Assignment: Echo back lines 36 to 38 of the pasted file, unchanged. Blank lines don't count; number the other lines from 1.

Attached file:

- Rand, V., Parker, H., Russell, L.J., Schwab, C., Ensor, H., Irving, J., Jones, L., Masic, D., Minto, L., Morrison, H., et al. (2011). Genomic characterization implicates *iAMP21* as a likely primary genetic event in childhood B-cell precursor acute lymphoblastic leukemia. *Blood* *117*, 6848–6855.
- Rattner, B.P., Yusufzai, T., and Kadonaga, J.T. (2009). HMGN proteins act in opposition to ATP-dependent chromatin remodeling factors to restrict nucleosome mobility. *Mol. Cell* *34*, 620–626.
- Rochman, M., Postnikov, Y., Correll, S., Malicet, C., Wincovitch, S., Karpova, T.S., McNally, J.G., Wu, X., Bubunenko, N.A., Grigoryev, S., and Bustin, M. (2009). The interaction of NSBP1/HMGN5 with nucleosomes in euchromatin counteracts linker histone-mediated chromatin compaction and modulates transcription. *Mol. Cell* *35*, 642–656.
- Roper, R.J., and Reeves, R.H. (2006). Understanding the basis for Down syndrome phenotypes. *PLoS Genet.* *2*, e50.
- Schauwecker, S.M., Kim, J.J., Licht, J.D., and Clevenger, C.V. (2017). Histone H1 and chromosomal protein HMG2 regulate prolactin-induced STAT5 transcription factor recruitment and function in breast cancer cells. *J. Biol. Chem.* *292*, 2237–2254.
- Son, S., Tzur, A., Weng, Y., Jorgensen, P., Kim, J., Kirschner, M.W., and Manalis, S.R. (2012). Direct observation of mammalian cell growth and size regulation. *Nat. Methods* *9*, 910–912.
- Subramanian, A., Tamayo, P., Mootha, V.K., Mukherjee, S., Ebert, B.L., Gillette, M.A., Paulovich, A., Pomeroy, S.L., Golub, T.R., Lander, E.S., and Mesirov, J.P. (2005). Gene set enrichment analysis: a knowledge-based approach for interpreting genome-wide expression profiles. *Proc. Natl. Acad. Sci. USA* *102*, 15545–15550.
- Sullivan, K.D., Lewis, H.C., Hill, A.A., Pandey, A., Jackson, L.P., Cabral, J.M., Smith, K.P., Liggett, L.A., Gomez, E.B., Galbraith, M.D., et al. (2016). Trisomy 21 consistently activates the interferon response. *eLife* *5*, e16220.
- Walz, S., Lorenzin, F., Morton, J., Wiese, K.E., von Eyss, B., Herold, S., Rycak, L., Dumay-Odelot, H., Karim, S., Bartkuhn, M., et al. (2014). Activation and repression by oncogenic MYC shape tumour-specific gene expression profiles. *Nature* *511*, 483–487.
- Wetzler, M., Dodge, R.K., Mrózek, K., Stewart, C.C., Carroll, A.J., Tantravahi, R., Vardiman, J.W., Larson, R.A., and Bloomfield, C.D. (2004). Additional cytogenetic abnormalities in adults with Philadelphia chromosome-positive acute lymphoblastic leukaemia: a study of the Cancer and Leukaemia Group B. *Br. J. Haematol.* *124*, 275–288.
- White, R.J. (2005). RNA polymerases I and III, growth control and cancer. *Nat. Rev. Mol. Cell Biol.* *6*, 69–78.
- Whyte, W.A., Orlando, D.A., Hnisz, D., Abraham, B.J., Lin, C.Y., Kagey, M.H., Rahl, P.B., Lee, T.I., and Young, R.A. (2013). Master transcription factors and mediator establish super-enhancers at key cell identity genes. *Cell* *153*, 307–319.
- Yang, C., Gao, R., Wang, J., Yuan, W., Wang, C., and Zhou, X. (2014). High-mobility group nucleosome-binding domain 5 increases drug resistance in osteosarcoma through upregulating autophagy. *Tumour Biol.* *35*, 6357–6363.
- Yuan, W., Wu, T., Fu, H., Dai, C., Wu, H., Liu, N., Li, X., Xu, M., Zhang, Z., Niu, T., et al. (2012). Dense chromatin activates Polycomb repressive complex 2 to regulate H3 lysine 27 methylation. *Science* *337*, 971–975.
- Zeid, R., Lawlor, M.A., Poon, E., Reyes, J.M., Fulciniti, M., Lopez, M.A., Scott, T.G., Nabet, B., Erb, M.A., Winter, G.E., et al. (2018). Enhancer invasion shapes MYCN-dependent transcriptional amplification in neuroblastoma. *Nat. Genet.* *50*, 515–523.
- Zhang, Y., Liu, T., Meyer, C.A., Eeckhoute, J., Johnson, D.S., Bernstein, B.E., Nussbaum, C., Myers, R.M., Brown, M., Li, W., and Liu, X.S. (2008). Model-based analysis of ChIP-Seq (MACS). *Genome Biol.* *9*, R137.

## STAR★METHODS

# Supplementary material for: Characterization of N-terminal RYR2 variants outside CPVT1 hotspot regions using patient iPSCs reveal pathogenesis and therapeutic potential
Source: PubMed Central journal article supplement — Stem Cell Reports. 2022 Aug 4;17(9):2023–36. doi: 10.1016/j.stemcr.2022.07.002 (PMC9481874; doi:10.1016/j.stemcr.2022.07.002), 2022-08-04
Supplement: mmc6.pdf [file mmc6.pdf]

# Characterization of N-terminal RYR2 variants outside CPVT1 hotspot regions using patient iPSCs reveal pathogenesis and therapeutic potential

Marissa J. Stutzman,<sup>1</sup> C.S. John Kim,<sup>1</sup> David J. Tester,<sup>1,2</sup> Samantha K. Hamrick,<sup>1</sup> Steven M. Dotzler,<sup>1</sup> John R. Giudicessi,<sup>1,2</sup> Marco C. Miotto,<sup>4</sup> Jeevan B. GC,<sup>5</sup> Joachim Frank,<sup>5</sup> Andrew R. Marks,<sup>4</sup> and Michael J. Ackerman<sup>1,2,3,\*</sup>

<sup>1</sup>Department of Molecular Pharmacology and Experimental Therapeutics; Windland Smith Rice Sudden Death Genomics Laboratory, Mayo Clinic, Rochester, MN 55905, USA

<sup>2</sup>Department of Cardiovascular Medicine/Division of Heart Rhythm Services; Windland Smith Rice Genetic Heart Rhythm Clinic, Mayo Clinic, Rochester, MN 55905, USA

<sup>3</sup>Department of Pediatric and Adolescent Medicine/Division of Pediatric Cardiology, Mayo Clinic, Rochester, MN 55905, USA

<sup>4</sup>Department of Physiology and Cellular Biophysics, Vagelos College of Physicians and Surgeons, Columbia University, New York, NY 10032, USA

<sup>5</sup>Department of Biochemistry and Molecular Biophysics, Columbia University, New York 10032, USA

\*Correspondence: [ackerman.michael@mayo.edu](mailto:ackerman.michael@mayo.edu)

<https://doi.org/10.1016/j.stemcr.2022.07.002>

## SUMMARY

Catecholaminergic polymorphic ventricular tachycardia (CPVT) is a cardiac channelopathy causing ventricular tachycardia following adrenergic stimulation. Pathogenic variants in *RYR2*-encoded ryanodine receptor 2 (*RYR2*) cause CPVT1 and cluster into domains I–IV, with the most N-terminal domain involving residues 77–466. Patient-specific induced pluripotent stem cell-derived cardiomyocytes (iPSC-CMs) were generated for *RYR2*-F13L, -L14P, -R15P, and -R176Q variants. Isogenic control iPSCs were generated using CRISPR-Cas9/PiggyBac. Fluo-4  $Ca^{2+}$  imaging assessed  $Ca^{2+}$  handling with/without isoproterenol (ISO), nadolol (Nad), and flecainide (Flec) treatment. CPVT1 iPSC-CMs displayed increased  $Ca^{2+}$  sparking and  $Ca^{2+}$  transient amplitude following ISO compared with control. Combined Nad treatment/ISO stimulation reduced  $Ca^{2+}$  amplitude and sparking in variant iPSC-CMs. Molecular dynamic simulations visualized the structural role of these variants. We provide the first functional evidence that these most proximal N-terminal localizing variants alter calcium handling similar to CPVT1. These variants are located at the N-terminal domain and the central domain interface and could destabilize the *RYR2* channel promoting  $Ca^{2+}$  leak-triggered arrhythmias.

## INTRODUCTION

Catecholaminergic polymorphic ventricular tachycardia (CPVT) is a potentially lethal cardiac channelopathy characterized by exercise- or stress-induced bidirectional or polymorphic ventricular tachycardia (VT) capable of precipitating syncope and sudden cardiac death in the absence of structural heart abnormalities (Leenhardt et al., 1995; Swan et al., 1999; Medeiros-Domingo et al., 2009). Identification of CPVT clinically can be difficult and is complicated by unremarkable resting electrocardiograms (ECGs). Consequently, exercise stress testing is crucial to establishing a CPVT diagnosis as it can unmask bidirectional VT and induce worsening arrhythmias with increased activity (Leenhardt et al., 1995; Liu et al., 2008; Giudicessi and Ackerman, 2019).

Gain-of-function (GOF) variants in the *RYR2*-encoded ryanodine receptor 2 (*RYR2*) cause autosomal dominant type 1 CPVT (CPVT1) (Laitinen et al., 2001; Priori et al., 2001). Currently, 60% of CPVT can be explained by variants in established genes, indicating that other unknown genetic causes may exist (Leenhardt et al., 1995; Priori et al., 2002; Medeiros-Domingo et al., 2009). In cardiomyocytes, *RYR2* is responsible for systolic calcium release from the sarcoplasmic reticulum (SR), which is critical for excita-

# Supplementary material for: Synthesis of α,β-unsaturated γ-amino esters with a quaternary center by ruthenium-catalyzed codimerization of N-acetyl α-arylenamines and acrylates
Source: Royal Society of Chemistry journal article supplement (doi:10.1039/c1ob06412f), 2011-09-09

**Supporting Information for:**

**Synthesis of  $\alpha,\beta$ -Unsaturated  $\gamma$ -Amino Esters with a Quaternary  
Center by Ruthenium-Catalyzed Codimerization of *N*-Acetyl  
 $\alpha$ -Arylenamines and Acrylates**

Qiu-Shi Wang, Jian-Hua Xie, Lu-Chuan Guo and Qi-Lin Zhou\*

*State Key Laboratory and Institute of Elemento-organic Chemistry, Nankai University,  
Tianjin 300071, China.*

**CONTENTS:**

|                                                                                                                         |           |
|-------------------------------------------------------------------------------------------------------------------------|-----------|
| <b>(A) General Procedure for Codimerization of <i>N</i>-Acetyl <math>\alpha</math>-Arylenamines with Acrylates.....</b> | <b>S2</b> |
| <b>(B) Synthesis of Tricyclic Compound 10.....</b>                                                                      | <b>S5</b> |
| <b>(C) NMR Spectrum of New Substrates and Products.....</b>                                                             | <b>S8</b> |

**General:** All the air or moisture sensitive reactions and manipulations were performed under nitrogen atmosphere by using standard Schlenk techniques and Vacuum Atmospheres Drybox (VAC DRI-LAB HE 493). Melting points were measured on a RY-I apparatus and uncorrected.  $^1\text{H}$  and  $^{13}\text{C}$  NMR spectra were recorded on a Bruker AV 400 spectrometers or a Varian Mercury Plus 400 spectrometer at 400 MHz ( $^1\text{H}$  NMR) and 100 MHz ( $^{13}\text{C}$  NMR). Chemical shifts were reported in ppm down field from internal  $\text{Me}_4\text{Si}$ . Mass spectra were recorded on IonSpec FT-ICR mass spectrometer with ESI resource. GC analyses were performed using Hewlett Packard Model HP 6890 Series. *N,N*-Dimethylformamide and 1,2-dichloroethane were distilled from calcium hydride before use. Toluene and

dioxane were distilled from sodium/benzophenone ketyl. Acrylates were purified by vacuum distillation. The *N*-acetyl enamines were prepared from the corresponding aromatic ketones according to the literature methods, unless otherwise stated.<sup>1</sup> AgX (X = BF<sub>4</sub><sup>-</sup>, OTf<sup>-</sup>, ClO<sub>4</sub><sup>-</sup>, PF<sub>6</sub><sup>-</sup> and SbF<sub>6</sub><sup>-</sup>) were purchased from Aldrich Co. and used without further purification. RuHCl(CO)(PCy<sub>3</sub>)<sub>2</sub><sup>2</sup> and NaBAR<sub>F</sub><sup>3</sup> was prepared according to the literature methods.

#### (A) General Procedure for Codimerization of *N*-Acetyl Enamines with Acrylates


Source: Royal Society of Chemistry journal article supplement (doi:10.1039/c1ob06412f), 2011-09-09

**Supporting Information for:**

**Synthesis of  $\alpha,\beta$ -Unsaturated  $\gamma$ -Amino Esters with a Quaternary  